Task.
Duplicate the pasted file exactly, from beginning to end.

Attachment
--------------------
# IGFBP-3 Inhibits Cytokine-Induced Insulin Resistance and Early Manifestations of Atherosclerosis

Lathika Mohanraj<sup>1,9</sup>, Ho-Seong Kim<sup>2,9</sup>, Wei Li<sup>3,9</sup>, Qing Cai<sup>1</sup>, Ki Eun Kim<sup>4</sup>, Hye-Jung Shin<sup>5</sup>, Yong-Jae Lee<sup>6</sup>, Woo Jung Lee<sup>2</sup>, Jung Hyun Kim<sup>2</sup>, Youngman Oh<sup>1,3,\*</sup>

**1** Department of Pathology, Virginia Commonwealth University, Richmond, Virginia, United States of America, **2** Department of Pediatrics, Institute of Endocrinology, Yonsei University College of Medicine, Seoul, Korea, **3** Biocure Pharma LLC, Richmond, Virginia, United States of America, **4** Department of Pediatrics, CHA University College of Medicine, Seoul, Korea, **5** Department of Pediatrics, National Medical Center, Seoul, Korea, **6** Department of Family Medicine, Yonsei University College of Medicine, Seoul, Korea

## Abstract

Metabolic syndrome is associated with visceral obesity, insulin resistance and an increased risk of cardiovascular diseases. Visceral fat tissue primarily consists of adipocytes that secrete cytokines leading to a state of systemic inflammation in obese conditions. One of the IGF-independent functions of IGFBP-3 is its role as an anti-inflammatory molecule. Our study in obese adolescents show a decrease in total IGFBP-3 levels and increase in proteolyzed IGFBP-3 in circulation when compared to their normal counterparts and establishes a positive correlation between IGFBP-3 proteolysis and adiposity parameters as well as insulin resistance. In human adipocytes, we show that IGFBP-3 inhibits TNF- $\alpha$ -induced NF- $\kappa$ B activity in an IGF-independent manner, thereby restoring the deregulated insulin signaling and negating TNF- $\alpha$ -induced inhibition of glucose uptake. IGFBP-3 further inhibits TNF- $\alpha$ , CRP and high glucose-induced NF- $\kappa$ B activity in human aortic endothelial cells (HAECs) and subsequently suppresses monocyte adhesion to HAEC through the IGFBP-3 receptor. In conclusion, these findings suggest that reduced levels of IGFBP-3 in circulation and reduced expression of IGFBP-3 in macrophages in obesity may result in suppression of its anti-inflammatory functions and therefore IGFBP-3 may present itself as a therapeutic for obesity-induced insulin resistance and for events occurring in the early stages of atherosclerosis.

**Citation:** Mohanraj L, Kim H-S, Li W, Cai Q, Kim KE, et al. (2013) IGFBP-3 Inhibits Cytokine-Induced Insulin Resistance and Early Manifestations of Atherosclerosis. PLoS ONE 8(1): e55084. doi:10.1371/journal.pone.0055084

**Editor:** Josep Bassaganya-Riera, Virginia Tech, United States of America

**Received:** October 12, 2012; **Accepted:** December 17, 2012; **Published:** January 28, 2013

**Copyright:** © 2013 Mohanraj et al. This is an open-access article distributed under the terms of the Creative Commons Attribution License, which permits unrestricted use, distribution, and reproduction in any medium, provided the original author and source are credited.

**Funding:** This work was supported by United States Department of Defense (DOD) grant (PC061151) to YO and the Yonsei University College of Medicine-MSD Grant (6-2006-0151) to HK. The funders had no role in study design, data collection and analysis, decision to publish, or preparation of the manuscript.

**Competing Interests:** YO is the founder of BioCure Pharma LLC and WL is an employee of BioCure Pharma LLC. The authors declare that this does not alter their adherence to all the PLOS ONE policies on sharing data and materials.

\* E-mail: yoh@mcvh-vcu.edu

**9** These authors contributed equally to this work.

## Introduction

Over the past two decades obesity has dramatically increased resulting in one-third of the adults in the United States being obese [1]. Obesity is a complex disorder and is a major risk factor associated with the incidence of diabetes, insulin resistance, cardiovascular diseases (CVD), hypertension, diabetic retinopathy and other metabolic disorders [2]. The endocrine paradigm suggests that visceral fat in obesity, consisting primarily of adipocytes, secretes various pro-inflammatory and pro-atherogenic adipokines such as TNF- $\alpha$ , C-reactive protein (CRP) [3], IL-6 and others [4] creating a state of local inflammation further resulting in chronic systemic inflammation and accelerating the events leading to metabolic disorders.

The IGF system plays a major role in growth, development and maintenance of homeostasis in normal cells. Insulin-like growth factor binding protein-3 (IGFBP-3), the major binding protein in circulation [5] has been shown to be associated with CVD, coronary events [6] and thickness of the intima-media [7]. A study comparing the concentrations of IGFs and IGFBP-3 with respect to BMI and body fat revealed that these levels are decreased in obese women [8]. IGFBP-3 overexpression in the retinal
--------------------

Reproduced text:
# IGFBP-3 Inhibits Cytokine-Induced Insulin Resistance and Early Manifestations of Atherosclerosis

Lathika Mohanraj<sup>1,9</sup>, Ho-Seong Kim<sup>2,9</sup>, Wei Li<sup>3,9</sup>, Qing Cai<sup>1</sup>, Ki Eun Kim<sup>4</sup>, Hye-Jung Shin<sup>5</sup>, Yong-Jae Lee<sup>6</sup>, Woo Jung Lee<sup>2</sup>, Jung Hyun Kim<sup>2</sup>, Youngman Oh<sup>1,3,\*</sup>

**1** Department of Pathology, Virginia Commonwealth University, Richmond, Virginia, United States of America, **2** Department of Pediatrics, Institute of Endocrinology, Yonsei University College of Medicine, Seoul, Korea, **3** Biocure Pharma LLC, Richmond, Virginia, United States of America, **4** Department of Pediatrics, CHA University College of Medicine, Seoul, Korea, **5** Department of Pediatrics, National Medical Center, Seoul, Korea, **6** Department of Family Medicine, Yonsei University College of Medicine, Seoul, Korea

## Abstract

Metabolic syndrome is associated with visceral obesity, insulin resistance and an increased risk of cardiovascular diseases. Visceral fat tissue primarily consists of adipocytes that secrete cytokines leading to a state of systemic inflammation in obese conditions. One of the IGF-independent functions of IGFBP-3 is its role as an anti-inflammatory molecule. Our study in obese adolescents show a decrease in total IGFBP-3 levels and increase in proteolyzed IGFBP-3 in circulation when compared to their normal counterparts and establishes a positive correlation between IGFBP-3 proteolysis and adiposity parameters as well as insulin resistance. In human adipocytes, we show that IGFBP-3 inhibits TNF- $\alpha$ -induced NF- $\kappa$ B activity in an IGF-independent manner, thereby restoring the deregulated insulin signaling and negating TNF- $\alpha$ -induced inhibition of glucose uptake. IGFBP-3 further inhibits TNF- $\alpha$ , CRP and high glucose-induced NF- $\kappa$ B activity in human aortic endothelial cells (HAECs) and subsequently suppresses monocyte adhesion to HAEC through the IGFBP-3 receptor. In conclusion, these findings suggest that reduced levels of IGFBP-3 in circulation and reduced expression of IGFBP-3 in macrophages in obesity may result in suppression of its anti-inflammatory functions and therefore IGFBP-3 may present itself as a therapeutic for obesity-induced insulin resistance and for events occurring in the early stages of atherosclerosis.

**Citation:** Mohanraj L, Kim H-S, Li W, Cai Q, Kim KE, et al. (2013) IGFBP-3 Inhibits Cytokine-Induced Insulin Resistance and Early Manifestations of Atherosclerosis. PLoS ONE 8(1): e55084. doi:10.1371/journal.pone.0055084

**Editor:** Josep Bassaganya-Riera, Virginia Tech, United States of America

**Received:** October 12, 2012; **Accepted:** December 17, 2012; **Published:** January 28, 2013

**Copyright:** © 2013 Mohanraj et al. This is an open-access article distributed under the terms of the Creative Commons Attribution License, which permits unrestricted use, distribution, and reproduction in any medium, provided the original author and source are credited.

**Funding:** This work was supported by United States Department of Defense (DOD) grant (PC061151) to YO and the Yonsei University College of Medicine-MSD Grant (6-2006-0151) to HK. The funders had no role in study design, data collection and analysis, decision to publish, or preparation of the manuscript.

**Competing Interests:** YO is the founder of BioCure Pharma LLC and WL is an employee of BioCure Pharma LLC. The authors declare that this does not alter their adherence to all the PLOS ONE policies on sharing data and materials.

\* E-mail: yoh@mcvh-vcu.edu

**9** These authors contributed equally to this work.

## Introduction

Over the past two decades obesity has dramatically increased resulting in one-third of the adults in the United States being obese [1]. Obesity is a complex disorder and is a major risk factor associated with the incidence of diabetes, insulin resistance, cardiovascular diseases (CVD), hypertension, diabetic retinopathy and other metabolic disorders [2]. The endocrine paradigm suggests that visceral fat in obesity, consisting primarily of adipocytes, secretes various pro-inflammatory and pro-atherogenic adipokines such as TNF- $\alpha$ , C-reactive protein (CRP) [3], IL-6 and others [4] creating a state of local inflammation further resulting in chronic systemic inflammation and accelerating the events leading to metabolic disorders.

The IGF system plays a major role in growth, development and maintenance of homeostasis in normal cells. Insulin-like growth factor binding protein-3 (IGFBP-3), the major binding protein in circulation [5] has been shown to be associated with CVD, coronary events [6] and thickness of the intima-media [7]. A study comparing the concentrations of IGFs and IGFBP-3 with respect to BMI and body fat revealed that these levels are decreased in obese women [8]. IGFBP-3 overexpression in the retinal